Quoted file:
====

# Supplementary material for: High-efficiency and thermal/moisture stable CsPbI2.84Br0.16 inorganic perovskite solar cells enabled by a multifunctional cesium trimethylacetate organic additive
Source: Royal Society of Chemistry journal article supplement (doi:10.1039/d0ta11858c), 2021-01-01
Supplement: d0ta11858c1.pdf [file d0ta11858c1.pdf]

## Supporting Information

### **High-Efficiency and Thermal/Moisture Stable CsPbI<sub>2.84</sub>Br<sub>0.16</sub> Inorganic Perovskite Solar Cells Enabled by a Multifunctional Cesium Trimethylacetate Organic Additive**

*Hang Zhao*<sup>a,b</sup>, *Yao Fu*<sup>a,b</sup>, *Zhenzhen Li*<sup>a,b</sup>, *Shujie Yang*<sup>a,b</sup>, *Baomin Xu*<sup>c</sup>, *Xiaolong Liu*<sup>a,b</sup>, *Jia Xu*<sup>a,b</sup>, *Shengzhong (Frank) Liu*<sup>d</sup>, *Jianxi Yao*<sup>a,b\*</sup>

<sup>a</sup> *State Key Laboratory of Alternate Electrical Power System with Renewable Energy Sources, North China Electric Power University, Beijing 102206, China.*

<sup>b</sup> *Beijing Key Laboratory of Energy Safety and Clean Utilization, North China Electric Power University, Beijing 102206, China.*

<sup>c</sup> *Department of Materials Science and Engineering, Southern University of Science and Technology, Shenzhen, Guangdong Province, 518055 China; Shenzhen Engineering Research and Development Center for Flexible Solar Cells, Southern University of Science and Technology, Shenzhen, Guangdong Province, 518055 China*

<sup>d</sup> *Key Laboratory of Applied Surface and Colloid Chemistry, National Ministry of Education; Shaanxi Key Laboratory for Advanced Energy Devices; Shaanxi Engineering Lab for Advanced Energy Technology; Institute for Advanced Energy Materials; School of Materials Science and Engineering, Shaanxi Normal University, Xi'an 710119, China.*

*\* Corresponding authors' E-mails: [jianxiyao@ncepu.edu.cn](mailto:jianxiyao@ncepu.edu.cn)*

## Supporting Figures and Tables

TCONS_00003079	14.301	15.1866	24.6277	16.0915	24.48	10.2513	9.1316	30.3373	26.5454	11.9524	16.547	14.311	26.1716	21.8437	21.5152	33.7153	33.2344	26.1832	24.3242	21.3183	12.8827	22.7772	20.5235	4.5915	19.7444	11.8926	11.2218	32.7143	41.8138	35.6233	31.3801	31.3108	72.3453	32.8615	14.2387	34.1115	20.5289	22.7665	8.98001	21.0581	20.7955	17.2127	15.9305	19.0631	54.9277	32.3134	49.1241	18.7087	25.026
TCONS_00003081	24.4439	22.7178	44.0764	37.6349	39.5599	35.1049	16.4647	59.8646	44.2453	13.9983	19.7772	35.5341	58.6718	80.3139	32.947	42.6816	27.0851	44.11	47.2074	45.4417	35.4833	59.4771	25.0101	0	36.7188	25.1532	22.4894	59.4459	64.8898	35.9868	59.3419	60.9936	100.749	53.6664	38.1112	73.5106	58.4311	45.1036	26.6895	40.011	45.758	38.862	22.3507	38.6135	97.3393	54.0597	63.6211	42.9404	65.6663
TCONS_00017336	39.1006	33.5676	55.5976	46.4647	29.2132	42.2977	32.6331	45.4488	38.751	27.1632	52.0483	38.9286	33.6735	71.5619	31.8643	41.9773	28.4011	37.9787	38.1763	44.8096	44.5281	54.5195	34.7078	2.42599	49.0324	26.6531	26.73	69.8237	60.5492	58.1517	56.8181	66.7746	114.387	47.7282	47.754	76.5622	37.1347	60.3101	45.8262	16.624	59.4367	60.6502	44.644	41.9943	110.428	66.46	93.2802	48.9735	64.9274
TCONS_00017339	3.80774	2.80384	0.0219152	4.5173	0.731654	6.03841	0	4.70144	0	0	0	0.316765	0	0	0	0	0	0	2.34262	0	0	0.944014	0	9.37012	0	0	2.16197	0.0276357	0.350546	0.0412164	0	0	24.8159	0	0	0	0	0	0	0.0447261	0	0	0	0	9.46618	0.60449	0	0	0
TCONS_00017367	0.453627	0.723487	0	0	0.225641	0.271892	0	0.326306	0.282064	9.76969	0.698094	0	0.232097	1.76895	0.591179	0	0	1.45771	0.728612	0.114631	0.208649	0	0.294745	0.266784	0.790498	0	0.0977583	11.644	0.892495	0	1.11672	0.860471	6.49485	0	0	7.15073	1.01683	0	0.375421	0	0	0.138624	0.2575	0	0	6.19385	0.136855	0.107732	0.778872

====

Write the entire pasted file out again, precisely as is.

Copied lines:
# Supplementary material for: High-efficiency and thermal/moisture stable CsPbI2.84Br0.16 inorganic perovskite solar cells enabled by a multifunctional cesium trimethylacetate organic additive
Source: Royal Society of Chemistry journal article supplement (doi:10.1039/d0ta11858c), 2021-01-01
Supplement: d0ta11858c1.pdf [file d0ta11858c1.pdf]

## Supporting Information

### **High-Efficiency and Thermal/Moisture Stable CsPbI<sub>2.84</sub>Br<sub>0.16</sub> Inorganic Perovskite Solar Cells Enabled by a Multifunctional Cesium Trimethylacetate Organic Additive**

*Hang Zhao*<sup>a,b</sup>, *Yao Fu*<sup>a,b</sup>, *Zhenzhen Li*<sup>a,b</sup>, *Shujie Yang*<sup>a,b</sup>, *Baomin Xu*<sup>c</sup>, *Xiaolong Liu*<sup>a,b</sup>, *Jia Xu*<sup>a,b</sup>, *Shengzhong (Frank) Liu*<sup>d</sup>, *Jianxi Yao*<sup>a,b\*</sup>

<sup>a</sup> *State Key Laboratory of Alternate Electrical Power System with Renewable Energy Sources, North China Electric Power University, Beijing 102206, China.*

<sup>b</sup> *Beijing Key Laboratory of Energy Safety and Clean Utilization, North China Electric Power University, Beijing 102206, China.*

<sup>c</sup> *Department of Materials Science and Engineering, Southern University of Science and Technology, Shenzhen, Guangdong Province, 518055 China; Shenzhen Engineering Research and Development Center for Flexible Solar Cells, Southern University of Science and Technology, Shenzhen, Guangdong Province, 518055 China*

<sup>d</sup> *Key Laboratory of Applied Surface and Colloid Chemistry, National Ministry of Education; Shaanxi Key Laboratory for Advanced Energy Devices; Shaanxi Engineering Lab for Advanced Energy Technology; Institute for Advanced Energy Materials; School of Materials Science and Engineering, Shaanxi Normal University, Xi'an 710119, China.*

*\* Corresponding authors' E-mails: [jianxiyao@ncepu.edu.cn](mailto:jianxiyao@ncepu.edu.cn)*

## Supporting Figures and Tables

TCONS_00003079	14.301	15.1866	24.6277	16.0915	24.48	10.2513	9.1316	30.3373	26.5454	11.9524	16.547	14.311	26.1716	21.8437	21.5152	33.7153	33.2344	26.1832	24.3242	21.3183	12.8827	22.7772	20.5235	4.5915	19.7444	11.8926	11.2218	32.7143	41.8138	35.6233	31.3801	31.3108	72.3453	32.8615	14.2387	34.1115	20.5289	22.7665	8.98001	21.0581	20.7955	17.2127	15.9305	19.0631	54.9277	32.3134	49.1241	18.7087	25.026
TCONS_00003081	24.4439	22.7178	44.0764	37.6349	39.5599	35.1049	16.4647	59.8646	44.2453	13.9983	19.7772	35.5341	58.6718	80.3139	32.947	42.6816	27.0851	44.11	47.2074	45.4417	35.4833	59.4771	25.0101	0	36.7188	25.1532	22.4894	59.4459	64.8898	35.9868	59.3419	60.9936	100.749	53.6664	38.1112	73.5106	58.4311	45.1036	26.6895	40.011	45.758	38.862	22.3507	38.6135	97.3393	54.0597	63.6211	42.9404	65.6663
TCONS_00017336	39.1006	33.5676	55.5976	46.4647	29.2132	42.2977	32.6331	45.4488	38.751	27.1632	52.0483	38.9286	33.6735	71.5619	31.8643	41.9773	28.4011	37.9787	38.1763	44.8096	44.5281	54.5195	34.7078	2.42599	49.0324	26.6531	26.73	69.8237	60.5492	58.1517	56.8181	66.7746	114.387	47.7282	47.754	76.5622	37.1347	60.3101	45.8262	16.624	59.4367	60.6502	44.644	41.9943	110.428	66.46	93.2802	48.9735	64.9274
TCONS_00017339	3.80774	2.80384	0.0219152	4.5173	0.731654	6.03841	0	4.70144	0	0	0	0.316765	0	0	0	0	0	0	2.34262	0	0	0.944014	0	9.37012	0	0	2.16197	0.0276357	0.350546	0.0412164	0	0	24.8159	0	0	0	0	0	0	0.0447261	0	0	0	0	9.46618	0.60449	0	0	0
TCONS_00017367	0.453627	0.723487	0	0	0.225641	0.271892	0	0.326306	0.282064	9.76969	0.698094	0	0.232097	1.76895	0.591179	0	0	1.45771	0.728612	0.114631	0.208649	0	0.294745	0.266784	0.790498	0	0.0977583	11.644	0.892495	0	1.11672	0.860471	6.49485	0	0	7.15073	1.01683	0	0.375421	0	0	0.138624	0.2575	0	0	6.19385	0.136855	0.107732	0.778872